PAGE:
EF: I found most of them in archives, in friends' collections, on record fairs/ flea markets or on the internet. The jazz and electronic music artist Bruno Spoerri from Zuerich (who was just illegally sampled by US-Rapper Jay-Z) arranged a discussion between Barney Wilen's son Patrick Wilen and me three years ago. Then I was invited to Spain for investigating Barney Wilen's musical heritage, where the unreleased acetates from Jazz In Camera by Donald Byrd and Barney Wilen (released as Sonorama-65) were presented to me. I also got access to over 60 tape reels with music recorded by Barney Wilen in Africa. With the support of Barney Wilen's son Patrick, Caroline De Bendern (Barney's wife back then) and producer Roskow Kretschmann from Berlin, we were proud to edit and compile the CD/ 2LP-Set: Barney Wilen: Moshi Too (Sonorama-72) from last year.

AAJ: Could you tell me about the process of releasing a record. How long does it typically take before a project is finished?

EF: You cannot define—some productions only need a few weeks while others need months or even years.

AAJ: Many artists on the label speak very warmly about the projects you have done. Could you elaborate on your relationship with the artists?

EF: I always tried to work with emotionally devoted artists and have the luck to know or have met some of them. I have a deep respect for the lifetime work of artists such as Greetje Kauffeld, Rolf Kühn, Mark Murphy, Freddy Cole or Bruno Spoerri and meeting them was a truly moving experience. Great artists are very modest!

AAJ: What is your take on the reissue business? Are there any specific labels that you admire and any pitfalls that you try to avoid?

EF: I do not want to criticize other labels here. There are many other reissue labels from all over the world. Of course some do excellent work and some don't. May the music fan decide.

AAJ: You encourage contact with customers on your website. What kind of response do you receive and do you have an idea of your target group?

EF: I get ideas for reissues as well as feedback from customers, journalists, musicians from the releases, people who write jazz books or catalogues, eye-witnesses. The target of the label is "putting the past in the future," to save culture in the form of lost quality music. The target group is open-minded lovers of good jazz music in general.

AAJ: If you have to single out some records, what projects are you most proud of? Any specific highlights?

EF: Attila Zoller—Jazz Soundtracks, Barney Wilen—Moshi Too, Donald Byrd and Barney Wilen—Jazz In Camera, Inge Brandenburg—It`s Alright With Me, Elsie Bianchi—Fly Me To The Moon, Freddy Cole—The Cole Nobody Knows, Greetje Kauffeld—Tender Meditation and Heaven's Open, Mombasa—African Rhythms and Blues Vol. 1 and 2, German Jazz Compilations Now's The Time Vol. 1 and 2.

AAJ: How important is it to you that there is a physical product? Could you imagine Sonorama as an all-digital label?

EF: No, although most of our releases can be streamed and downloaded from well-known service providers. Collecting digital files on your mobile or computer cannot replace the experience of a vinyl record or audio CD, the artwork, the cover, the photos or the liner notes. The reissue of a historic album is some kind of rebuilt or remodelled artwork of a cultural artifact that people are happy to own and display at home ... more than a compressed mixture of "1" and "0."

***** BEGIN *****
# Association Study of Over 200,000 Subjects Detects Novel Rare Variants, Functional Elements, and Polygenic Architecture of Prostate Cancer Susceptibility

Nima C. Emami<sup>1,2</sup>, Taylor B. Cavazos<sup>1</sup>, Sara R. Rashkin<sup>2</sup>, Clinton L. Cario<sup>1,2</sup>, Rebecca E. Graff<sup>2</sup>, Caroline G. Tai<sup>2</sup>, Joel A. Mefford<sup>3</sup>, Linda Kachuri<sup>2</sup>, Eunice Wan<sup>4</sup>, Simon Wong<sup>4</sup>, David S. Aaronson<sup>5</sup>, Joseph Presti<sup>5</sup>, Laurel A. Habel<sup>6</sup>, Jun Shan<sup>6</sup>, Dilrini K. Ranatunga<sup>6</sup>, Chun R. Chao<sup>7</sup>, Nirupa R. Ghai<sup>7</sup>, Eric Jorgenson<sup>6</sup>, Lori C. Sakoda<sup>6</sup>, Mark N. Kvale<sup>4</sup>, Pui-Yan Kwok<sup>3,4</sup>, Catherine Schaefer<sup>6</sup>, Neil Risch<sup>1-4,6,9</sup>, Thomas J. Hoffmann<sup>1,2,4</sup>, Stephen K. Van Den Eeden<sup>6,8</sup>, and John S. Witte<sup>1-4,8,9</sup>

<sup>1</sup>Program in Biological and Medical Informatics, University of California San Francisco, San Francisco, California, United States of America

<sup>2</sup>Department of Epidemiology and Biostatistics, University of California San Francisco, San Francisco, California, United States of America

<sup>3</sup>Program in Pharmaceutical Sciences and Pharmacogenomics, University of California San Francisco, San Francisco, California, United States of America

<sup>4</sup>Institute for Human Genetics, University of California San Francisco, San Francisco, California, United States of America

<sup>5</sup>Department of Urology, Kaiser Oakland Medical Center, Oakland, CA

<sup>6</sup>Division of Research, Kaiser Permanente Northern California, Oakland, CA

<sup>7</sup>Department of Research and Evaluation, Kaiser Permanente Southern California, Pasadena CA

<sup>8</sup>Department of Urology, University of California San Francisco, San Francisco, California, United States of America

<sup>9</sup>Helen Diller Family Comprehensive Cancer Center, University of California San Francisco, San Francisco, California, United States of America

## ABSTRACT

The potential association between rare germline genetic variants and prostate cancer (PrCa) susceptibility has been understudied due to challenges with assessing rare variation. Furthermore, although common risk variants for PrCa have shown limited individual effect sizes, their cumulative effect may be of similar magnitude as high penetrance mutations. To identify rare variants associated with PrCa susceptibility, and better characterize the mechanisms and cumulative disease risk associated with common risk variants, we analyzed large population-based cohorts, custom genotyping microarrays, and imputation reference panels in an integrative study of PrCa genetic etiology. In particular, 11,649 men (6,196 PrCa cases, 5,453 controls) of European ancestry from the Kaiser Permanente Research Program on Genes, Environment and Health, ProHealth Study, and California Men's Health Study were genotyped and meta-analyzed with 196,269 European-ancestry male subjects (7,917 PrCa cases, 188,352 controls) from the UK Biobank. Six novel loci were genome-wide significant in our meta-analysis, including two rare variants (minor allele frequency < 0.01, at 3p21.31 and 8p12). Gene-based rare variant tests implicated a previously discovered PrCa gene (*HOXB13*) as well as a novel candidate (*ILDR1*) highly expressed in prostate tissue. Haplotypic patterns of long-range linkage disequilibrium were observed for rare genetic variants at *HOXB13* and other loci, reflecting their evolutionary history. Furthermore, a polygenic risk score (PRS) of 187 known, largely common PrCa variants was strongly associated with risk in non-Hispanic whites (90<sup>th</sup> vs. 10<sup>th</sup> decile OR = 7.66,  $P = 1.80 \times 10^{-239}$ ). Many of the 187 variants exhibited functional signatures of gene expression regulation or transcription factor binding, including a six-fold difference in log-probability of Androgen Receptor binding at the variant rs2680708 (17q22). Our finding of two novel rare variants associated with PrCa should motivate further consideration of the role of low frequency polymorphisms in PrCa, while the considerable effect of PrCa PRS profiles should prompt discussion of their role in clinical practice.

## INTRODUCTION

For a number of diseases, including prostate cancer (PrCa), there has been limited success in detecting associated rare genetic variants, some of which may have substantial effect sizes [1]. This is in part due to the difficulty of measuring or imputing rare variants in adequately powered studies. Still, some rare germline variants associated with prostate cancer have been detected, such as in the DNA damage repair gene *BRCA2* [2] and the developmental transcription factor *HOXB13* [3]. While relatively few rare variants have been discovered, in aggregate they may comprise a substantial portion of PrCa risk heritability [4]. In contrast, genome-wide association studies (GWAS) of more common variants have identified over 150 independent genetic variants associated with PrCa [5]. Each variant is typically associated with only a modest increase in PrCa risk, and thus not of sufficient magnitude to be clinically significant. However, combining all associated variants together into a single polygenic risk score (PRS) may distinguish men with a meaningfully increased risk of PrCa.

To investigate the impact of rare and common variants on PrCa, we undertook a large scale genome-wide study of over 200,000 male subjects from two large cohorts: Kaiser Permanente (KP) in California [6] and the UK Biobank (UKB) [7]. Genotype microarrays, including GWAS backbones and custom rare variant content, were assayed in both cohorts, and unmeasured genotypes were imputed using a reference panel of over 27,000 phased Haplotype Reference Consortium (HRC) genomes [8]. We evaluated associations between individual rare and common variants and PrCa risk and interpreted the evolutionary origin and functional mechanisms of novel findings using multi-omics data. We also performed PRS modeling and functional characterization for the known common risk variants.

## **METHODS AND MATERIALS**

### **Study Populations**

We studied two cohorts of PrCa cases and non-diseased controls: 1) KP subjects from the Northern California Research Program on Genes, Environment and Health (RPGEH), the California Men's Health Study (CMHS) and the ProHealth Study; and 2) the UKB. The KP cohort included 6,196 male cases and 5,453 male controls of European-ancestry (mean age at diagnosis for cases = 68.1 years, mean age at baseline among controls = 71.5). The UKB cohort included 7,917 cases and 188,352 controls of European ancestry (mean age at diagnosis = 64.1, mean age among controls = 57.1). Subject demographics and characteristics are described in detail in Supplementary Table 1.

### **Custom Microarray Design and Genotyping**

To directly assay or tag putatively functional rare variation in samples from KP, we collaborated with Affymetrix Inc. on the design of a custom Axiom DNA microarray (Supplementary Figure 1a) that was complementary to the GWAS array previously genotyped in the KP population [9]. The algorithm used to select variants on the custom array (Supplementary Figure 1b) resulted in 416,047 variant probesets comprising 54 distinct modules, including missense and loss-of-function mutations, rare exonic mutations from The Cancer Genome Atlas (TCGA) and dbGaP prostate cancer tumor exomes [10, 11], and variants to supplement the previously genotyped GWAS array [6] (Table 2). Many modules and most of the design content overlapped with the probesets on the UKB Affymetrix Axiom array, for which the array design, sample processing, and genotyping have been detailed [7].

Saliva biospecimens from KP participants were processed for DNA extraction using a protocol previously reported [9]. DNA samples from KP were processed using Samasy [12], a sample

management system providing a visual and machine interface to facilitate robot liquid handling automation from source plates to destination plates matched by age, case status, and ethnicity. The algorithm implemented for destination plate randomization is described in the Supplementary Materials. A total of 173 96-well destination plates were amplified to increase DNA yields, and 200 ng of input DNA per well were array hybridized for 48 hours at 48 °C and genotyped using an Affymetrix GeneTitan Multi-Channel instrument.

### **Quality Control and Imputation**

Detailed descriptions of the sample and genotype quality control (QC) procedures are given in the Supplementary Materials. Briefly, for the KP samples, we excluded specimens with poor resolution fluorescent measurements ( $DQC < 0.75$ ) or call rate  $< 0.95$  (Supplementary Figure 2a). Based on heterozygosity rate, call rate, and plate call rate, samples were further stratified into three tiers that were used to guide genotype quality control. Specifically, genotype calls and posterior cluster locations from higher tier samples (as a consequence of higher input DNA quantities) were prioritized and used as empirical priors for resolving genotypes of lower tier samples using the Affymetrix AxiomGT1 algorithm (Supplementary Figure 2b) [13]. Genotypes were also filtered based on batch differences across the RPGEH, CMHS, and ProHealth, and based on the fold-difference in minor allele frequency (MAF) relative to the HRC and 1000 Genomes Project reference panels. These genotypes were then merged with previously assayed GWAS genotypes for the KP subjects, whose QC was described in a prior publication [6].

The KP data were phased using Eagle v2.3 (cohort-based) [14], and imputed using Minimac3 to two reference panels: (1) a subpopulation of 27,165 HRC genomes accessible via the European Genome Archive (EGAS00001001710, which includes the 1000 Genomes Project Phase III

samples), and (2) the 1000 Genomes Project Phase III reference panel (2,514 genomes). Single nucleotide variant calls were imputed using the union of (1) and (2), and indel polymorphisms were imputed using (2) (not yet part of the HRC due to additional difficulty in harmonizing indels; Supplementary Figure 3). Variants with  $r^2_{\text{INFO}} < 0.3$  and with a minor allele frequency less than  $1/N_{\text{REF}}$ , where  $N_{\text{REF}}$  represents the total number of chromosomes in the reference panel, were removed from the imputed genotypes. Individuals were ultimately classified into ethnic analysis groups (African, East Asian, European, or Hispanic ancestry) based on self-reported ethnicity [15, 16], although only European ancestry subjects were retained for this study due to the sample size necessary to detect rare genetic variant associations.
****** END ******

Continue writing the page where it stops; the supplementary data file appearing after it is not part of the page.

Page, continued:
AAJ: How does it work with the distribution and how does your release schedule look? Any upcoming projects?

EF: Sonorama (www.sonorama.de) is getting distributed worldwide over Groove Attack distribution in Cologne (www.grooveattack.com). We are careful in announcing reissues early because a few titles (like Mario Rusca—Reaction) have been bootlegged shortly before our official release appeared. Present and upcoming projects for 2014 include rare or unreleased recordings by European jazz masters like Hans Koller, Albert Mangelsdorff or Rolf Kühn / Joachim Kühn.

Ekkehart Fleischhammer might be somewhat secretive about his future projects, but there is plenty to explore in the catalog already as the following list, which is only a small selection of the label's treasures, reveals.

Reginaldo Bessa
Amor En Bossa Nova

Connoisseurs of the Brazilian art of the bossa nova will find many gems in the catalog of Sonorama. One of them is the album Amor En Bossa Nova by Brazilian singer, songwriter and guitarist Reginaldo Bessa.

The story behind album is quite special. It was recorded in Argentina in 1963 in the big city of Buenos Aires and as Bessa himself recalls: "I was the first Brazilian to record a bossa nova album in a foreign country. The Musicians who recorded with me were all Argentina born. It was a hard task telling them about the whole thing. I was the composer, the singer and above all a teacher."

Judging from the final result, Bessa was a very successful teacher. The melancholy-tinged Brazilian ballad, with the characteristic light touch, is embodied perfectly on a composition like "Solo" where the gentle rhythm marked by claves is complimented by woodwinds that blow like a gentle breeze, painting a picture of an abandoned lover walking along the beach in the warm sand while the sun sets over the horizon.

The bulk of the record consists of Bessa's distinctive compositions, but there is also room for other material, including two songs from the composer Dorival Caymmi, whose "Sabado En Copacabana" is pure perfection with its shuffling acoustic rhythm and singing flutes. Like the rest of the album, it is a song carried by a deep love of the bossa nova. It is also music that it is easy to fall in love with.

Freddy Cole
The Cole Nobody Knows